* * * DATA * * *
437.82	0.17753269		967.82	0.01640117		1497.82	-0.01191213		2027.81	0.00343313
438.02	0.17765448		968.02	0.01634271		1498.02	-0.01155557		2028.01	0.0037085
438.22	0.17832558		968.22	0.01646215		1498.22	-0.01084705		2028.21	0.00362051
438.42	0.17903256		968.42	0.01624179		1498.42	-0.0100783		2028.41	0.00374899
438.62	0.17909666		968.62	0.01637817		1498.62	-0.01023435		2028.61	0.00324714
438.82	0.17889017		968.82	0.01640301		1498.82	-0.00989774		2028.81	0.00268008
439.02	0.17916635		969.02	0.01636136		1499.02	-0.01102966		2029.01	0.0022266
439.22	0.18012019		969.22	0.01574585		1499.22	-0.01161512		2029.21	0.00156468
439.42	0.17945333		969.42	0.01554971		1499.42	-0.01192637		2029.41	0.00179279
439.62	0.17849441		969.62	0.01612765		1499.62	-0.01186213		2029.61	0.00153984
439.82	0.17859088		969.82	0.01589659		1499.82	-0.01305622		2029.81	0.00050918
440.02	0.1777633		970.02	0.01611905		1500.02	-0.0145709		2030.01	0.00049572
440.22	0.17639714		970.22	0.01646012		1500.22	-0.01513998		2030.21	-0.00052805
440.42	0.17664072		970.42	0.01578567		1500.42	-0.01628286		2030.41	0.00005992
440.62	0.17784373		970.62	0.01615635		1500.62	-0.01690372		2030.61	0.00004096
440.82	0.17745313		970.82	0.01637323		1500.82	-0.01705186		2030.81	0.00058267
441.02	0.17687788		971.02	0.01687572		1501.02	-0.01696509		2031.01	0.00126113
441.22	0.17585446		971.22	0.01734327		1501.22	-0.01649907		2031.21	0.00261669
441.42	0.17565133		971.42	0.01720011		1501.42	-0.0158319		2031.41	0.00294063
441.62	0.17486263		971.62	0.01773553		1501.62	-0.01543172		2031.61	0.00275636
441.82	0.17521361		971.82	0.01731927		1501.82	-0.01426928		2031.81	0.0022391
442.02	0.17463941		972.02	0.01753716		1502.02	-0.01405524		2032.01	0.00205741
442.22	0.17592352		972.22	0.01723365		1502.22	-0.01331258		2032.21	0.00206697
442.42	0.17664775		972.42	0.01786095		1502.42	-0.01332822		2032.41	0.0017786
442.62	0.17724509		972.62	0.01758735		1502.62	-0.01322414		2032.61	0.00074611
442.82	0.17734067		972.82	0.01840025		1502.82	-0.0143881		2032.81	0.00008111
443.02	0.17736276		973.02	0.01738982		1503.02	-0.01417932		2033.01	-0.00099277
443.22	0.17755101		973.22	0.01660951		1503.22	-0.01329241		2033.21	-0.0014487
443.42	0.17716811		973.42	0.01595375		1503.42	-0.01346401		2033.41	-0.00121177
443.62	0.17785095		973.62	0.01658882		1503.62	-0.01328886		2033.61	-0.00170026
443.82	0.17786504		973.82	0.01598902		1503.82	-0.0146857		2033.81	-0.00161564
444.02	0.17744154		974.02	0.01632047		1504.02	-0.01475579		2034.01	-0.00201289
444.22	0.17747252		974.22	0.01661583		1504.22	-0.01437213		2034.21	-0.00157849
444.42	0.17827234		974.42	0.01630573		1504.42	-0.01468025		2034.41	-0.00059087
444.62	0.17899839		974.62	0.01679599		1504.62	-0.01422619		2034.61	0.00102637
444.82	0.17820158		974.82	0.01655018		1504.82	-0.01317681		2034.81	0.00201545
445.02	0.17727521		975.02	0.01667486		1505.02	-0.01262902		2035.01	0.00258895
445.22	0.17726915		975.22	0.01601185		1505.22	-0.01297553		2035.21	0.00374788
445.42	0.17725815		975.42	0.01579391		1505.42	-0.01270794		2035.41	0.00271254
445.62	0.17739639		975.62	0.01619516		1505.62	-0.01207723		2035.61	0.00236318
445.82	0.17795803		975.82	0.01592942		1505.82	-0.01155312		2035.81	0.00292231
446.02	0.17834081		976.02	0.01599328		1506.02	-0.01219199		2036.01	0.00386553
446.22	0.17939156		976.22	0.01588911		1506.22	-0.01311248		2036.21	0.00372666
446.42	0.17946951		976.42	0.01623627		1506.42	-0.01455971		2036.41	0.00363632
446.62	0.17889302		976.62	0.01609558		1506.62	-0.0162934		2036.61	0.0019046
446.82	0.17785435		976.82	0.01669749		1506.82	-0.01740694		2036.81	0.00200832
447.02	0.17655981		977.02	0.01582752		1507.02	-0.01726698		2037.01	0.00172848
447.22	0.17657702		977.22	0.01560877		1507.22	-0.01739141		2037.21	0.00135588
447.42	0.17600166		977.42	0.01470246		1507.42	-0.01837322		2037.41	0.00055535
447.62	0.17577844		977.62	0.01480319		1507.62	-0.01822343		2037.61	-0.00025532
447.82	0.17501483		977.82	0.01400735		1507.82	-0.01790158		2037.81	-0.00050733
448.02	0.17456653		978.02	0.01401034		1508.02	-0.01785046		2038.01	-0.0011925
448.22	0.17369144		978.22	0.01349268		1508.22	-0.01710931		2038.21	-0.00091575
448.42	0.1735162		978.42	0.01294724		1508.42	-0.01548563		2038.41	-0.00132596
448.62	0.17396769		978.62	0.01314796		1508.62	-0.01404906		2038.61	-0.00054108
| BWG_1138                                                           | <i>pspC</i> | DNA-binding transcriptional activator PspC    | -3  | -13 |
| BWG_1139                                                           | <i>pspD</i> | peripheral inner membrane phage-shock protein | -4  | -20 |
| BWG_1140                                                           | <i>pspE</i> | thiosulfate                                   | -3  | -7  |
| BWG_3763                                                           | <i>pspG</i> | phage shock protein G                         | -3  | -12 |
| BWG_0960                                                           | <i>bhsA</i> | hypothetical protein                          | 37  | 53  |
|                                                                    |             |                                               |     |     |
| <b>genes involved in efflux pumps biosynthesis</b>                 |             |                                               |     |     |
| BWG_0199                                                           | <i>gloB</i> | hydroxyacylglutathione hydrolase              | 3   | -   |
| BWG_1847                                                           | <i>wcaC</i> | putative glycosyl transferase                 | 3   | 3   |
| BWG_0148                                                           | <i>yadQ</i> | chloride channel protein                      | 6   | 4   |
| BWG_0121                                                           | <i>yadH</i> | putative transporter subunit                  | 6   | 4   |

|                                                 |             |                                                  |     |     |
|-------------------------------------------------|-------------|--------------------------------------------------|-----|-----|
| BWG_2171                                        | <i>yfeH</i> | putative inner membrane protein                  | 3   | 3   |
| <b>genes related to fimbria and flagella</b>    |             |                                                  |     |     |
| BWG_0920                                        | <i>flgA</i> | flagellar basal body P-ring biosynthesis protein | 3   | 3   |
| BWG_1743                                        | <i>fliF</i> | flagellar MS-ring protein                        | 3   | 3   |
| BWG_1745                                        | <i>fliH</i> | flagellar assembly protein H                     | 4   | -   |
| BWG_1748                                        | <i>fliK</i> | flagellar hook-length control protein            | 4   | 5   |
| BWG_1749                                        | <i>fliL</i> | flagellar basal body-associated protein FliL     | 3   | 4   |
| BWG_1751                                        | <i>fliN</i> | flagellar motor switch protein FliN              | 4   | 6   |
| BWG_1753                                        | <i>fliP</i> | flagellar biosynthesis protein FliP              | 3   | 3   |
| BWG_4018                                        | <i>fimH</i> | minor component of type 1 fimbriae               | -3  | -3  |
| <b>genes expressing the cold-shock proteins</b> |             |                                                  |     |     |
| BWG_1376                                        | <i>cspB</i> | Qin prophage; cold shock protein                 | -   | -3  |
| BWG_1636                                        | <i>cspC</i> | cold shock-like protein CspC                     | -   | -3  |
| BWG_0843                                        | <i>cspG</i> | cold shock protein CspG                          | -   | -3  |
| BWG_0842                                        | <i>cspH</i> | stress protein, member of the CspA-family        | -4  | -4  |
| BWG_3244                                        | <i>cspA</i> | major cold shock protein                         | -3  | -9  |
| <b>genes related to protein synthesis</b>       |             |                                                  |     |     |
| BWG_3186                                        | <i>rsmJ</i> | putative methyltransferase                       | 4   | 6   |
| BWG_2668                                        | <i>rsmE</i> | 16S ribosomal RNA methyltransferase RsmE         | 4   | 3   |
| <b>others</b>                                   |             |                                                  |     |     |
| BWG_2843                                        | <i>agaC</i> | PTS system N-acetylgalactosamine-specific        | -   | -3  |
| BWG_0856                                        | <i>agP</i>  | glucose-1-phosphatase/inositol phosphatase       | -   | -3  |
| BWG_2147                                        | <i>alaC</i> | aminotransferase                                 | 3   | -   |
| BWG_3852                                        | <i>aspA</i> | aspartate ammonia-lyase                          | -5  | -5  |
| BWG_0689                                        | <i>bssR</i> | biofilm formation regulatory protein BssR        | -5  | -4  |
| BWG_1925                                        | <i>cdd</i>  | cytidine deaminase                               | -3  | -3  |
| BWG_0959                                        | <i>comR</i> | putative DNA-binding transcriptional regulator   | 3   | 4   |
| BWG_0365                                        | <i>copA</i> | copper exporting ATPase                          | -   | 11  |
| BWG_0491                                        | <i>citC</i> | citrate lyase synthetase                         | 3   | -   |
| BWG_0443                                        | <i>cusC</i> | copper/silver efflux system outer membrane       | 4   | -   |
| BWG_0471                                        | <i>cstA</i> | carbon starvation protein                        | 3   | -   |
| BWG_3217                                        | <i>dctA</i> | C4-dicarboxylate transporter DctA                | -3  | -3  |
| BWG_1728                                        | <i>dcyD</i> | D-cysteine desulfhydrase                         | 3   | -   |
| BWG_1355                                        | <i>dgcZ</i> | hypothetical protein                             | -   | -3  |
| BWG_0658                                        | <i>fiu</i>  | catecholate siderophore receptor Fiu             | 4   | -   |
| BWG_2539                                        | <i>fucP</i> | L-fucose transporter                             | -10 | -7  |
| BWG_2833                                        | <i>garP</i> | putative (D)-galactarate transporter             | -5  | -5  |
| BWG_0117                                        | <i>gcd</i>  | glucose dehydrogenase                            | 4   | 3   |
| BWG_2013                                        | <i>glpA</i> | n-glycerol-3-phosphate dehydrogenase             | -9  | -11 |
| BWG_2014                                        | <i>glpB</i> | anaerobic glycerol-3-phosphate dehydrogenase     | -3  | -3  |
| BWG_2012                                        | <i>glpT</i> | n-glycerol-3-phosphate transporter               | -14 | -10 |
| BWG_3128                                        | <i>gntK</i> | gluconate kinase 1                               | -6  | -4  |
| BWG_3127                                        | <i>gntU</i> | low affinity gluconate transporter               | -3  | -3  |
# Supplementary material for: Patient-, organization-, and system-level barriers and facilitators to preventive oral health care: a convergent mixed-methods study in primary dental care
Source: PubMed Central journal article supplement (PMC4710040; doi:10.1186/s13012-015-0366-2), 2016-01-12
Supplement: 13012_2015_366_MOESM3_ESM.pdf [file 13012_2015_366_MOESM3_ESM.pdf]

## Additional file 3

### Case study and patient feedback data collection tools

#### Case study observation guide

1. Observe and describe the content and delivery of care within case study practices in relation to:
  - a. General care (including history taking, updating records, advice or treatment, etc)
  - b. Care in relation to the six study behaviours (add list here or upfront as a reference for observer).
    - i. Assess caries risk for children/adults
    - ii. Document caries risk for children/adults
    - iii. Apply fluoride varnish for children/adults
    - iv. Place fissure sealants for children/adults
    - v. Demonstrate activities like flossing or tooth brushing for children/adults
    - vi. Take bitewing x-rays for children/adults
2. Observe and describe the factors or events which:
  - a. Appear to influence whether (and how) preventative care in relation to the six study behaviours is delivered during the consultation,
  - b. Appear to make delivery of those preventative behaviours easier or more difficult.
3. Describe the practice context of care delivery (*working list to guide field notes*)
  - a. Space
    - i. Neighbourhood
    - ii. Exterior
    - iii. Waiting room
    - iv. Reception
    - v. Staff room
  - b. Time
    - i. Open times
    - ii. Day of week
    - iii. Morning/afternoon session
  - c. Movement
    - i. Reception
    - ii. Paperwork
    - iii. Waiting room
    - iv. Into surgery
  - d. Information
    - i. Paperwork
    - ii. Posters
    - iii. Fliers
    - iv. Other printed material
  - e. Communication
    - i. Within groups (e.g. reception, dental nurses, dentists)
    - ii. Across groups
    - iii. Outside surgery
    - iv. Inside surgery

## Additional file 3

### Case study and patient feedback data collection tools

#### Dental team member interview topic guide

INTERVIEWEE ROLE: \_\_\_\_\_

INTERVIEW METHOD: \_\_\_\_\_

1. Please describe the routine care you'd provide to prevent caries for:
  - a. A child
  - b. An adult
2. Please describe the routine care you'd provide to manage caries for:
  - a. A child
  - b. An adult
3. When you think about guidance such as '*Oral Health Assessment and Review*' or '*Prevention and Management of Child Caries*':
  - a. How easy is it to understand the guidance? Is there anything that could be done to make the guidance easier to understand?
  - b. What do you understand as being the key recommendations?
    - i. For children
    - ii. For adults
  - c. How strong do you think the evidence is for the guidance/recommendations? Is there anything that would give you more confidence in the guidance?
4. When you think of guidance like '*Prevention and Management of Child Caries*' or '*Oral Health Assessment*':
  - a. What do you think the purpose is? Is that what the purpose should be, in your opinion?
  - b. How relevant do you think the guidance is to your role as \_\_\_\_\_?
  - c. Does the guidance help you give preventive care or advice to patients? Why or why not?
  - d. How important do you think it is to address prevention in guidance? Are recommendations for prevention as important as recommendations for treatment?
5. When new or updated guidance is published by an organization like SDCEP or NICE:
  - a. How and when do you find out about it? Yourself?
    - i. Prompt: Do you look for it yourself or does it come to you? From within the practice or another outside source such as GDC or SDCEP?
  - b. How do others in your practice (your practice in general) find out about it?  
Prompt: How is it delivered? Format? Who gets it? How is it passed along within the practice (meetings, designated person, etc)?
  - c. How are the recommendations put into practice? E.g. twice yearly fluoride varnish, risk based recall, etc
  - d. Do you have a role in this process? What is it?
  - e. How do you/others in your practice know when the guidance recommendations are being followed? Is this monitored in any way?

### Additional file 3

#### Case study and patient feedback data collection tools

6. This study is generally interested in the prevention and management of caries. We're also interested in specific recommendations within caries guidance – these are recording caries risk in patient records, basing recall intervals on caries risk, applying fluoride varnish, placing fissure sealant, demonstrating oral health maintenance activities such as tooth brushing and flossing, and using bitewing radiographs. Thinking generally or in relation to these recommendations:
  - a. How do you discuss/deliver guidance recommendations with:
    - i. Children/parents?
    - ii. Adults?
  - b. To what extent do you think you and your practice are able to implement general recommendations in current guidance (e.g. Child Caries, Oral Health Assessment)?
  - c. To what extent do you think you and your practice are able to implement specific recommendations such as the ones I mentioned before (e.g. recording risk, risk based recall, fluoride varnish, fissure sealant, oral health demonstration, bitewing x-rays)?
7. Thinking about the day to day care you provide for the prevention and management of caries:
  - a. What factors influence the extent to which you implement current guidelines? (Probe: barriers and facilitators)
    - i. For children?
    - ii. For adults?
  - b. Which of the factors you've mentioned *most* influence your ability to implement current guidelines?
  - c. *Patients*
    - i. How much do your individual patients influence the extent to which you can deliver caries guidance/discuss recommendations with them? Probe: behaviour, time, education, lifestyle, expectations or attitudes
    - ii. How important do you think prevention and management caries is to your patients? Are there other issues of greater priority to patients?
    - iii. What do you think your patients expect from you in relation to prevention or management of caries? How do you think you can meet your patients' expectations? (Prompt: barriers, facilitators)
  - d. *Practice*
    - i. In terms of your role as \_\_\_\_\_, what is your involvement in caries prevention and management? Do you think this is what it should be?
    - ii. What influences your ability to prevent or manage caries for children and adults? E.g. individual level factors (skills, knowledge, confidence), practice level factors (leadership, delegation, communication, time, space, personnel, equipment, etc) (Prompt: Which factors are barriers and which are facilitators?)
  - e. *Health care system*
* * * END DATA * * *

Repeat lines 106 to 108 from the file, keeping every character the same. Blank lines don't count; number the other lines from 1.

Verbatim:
| BWG_0117                                        | <i>gcd</i>  | glucose dehydrogenase                            | 4   | 3   |
| BWG_2013                                        | <i>glpA</i> | n-glycerol-3-phosphate dehydrogenase             | -9  | -11 |
| BWG_2014                                        | <i>glpB</i> | anaerobic glycerol-3-phosphate dehydrogenase     | -3  | -3  |